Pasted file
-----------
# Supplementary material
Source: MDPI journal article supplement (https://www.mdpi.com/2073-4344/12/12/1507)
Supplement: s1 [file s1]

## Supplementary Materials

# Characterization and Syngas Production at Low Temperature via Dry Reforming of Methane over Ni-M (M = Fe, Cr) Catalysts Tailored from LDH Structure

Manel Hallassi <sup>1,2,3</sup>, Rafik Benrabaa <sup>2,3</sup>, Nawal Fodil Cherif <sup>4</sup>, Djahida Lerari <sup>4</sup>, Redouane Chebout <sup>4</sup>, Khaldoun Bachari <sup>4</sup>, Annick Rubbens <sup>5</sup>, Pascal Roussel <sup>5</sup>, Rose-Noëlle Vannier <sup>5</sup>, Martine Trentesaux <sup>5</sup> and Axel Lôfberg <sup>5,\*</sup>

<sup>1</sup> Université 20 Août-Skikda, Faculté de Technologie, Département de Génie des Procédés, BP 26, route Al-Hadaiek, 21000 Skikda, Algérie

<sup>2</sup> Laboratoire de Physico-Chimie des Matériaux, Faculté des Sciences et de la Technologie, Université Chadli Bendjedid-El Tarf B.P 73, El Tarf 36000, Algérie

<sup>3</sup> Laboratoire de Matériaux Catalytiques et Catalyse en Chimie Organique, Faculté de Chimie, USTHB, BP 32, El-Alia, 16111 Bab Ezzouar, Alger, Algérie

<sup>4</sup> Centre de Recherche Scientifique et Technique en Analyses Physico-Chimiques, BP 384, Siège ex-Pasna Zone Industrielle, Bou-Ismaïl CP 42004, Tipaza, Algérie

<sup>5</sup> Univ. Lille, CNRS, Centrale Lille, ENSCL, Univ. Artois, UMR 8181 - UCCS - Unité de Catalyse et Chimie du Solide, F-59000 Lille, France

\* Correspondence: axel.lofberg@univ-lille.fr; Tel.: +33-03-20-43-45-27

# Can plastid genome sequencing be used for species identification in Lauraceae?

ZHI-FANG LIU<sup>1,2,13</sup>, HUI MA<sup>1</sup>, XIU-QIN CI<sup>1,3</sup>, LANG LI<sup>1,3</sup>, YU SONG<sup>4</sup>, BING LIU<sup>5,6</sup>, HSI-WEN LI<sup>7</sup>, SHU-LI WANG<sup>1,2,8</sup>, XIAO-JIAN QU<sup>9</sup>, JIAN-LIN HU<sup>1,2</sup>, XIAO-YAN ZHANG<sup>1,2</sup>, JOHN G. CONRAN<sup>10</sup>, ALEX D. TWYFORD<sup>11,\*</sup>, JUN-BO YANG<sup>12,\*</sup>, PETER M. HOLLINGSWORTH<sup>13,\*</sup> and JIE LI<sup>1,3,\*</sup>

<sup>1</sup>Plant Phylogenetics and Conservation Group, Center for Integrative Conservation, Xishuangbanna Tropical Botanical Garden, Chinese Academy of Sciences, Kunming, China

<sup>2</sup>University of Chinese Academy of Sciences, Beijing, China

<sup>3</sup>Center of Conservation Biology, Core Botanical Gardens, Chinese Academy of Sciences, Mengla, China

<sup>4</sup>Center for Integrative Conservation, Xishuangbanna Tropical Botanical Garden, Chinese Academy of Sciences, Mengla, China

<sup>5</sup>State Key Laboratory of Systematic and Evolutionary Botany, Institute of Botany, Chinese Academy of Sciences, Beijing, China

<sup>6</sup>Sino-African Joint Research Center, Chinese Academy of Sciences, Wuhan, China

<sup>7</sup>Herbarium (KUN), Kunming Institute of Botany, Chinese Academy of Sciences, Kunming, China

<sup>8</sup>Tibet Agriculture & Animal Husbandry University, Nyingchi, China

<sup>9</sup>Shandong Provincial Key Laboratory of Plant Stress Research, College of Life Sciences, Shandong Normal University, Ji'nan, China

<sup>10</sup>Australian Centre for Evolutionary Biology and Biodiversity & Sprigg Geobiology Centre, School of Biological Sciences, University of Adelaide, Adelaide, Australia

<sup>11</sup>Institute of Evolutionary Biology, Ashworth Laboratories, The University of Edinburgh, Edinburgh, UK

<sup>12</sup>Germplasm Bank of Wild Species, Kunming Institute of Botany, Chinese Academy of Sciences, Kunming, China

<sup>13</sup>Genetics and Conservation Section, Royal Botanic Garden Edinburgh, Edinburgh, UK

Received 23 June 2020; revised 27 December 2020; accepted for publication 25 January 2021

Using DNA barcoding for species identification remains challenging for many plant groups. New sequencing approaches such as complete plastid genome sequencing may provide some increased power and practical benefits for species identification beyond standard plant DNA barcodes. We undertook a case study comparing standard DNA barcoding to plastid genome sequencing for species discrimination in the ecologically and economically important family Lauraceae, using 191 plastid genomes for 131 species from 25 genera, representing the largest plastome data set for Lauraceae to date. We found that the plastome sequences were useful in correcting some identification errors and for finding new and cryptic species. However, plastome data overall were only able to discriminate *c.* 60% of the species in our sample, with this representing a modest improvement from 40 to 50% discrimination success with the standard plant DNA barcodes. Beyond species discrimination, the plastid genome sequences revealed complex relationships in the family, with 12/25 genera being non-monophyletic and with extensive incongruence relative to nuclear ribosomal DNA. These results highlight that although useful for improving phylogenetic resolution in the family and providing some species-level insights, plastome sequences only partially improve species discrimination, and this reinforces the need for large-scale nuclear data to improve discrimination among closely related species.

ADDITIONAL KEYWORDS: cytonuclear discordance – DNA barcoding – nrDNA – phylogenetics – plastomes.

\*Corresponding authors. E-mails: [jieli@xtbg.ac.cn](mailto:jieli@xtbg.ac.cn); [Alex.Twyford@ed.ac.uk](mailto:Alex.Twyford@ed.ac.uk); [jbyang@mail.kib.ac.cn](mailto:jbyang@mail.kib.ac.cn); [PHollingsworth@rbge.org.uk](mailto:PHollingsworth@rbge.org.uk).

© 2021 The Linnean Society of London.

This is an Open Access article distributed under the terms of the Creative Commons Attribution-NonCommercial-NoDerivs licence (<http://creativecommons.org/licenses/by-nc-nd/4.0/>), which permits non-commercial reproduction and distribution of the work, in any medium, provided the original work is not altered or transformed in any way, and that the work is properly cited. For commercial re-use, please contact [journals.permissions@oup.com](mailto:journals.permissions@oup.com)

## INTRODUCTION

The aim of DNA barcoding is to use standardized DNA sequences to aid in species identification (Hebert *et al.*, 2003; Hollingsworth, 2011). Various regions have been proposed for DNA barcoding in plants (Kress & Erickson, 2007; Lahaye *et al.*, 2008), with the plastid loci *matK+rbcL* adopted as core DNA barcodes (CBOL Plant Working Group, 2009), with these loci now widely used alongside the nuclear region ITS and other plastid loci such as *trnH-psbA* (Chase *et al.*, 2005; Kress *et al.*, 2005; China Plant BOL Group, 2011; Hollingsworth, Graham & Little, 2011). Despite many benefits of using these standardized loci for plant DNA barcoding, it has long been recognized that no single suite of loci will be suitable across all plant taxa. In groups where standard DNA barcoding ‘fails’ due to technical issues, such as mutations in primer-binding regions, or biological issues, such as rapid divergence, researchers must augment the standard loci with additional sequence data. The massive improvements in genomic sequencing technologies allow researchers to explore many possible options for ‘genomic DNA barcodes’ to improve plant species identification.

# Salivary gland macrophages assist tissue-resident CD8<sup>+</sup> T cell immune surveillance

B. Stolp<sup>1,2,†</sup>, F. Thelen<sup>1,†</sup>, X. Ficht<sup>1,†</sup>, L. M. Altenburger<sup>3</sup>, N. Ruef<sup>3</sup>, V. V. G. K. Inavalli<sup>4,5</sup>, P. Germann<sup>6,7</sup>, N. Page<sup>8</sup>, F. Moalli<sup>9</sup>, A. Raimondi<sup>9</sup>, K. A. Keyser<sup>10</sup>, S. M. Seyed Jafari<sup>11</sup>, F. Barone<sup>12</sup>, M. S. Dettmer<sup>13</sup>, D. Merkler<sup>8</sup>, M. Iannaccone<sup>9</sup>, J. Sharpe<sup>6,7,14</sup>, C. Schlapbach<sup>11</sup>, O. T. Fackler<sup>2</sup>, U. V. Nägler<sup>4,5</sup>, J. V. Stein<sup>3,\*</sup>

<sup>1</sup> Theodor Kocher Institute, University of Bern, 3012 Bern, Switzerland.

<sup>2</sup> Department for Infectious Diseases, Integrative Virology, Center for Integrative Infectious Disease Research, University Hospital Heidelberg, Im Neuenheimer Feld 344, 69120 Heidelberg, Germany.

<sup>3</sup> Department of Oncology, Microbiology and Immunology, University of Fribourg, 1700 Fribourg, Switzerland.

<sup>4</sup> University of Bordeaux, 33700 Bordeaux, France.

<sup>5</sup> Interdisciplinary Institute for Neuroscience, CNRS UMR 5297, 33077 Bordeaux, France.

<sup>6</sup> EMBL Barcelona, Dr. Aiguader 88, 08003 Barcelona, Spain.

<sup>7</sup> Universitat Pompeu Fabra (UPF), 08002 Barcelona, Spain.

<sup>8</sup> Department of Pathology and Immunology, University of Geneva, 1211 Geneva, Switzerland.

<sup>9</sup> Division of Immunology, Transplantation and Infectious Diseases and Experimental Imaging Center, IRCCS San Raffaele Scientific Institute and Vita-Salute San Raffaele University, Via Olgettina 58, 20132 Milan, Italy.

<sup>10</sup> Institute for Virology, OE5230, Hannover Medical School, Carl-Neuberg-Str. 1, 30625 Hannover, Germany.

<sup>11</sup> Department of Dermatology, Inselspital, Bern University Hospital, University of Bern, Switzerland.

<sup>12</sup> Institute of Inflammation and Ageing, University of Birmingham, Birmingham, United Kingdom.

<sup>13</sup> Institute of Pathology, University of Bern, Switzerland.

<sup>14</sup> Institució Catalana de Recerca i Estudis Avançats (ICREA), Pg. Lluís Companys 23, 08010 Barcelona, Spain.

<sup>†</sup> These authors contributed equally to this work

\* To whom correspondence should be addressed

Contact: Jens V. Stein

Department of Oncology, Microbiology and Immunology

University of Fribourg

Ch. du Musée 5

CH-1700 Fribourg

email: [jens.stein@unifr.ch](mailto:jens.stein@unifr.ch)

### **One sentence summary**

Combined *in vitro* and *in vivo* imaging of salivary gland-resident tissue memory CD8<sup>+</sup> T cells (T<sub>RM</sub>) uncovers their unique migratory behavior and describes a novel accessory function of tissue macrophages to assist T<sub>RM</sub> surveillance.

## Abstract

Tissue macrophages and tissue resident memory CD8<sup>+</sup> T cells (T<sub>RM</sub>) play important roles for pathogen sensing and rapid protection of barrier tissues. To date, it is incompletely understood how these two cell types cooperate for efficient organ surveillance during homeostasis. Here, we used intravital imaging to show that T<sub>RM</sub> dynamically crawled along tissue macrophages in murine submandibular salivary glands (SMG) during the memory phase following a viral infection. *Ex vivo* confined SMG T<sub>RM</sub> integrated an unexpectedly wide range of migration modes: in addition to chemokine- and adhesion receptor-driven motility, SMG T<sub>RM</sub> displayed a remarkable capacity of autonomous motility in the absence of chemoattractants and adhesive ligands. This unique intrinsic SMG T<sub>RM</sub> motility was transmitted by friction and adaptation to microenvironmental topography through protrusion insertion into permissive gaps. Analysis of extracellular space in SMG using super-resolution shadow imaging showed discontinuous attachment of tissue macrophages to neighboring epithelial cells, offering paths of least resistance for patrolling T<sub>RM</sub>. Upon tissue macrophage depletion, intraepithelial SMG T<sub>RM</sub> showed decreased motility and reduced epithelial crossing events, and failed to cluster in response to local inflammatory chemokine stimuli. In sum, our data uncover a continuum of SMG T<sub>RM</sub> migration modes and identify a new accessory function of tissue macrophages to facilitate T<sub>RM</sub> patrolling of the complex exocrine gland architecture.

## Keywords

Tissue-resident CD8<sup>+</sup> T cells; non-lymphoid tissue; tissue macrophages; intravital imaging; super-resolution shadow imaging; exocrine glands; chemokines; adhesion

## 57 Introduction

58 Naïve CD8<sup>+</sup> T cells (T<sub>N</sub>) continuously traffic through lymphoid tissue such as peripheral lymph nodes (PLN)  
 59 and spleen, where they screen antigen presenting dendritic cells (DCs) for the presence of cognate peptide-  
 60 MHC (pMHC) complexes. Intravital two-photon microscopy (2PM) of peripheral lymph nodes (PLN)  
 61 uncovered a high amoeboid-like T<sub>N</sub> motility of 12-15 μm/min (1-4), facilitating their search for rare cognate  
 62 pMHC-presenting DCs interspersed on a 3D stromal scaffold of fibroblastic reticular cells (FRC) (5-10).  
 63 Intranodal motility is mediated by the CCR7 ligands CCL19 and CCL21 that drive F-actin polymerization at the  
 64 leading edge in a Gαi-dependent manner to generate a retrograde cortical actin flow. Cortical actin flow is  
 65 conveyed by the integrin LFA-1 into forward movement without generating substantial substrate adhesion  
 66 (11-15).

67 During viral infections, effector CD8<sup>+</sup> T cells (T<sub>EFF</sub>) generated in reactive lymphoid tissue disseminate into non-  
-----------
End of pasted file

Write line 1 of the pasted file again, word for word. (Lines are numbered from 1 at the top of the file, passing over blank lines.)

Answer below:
# Supplementary material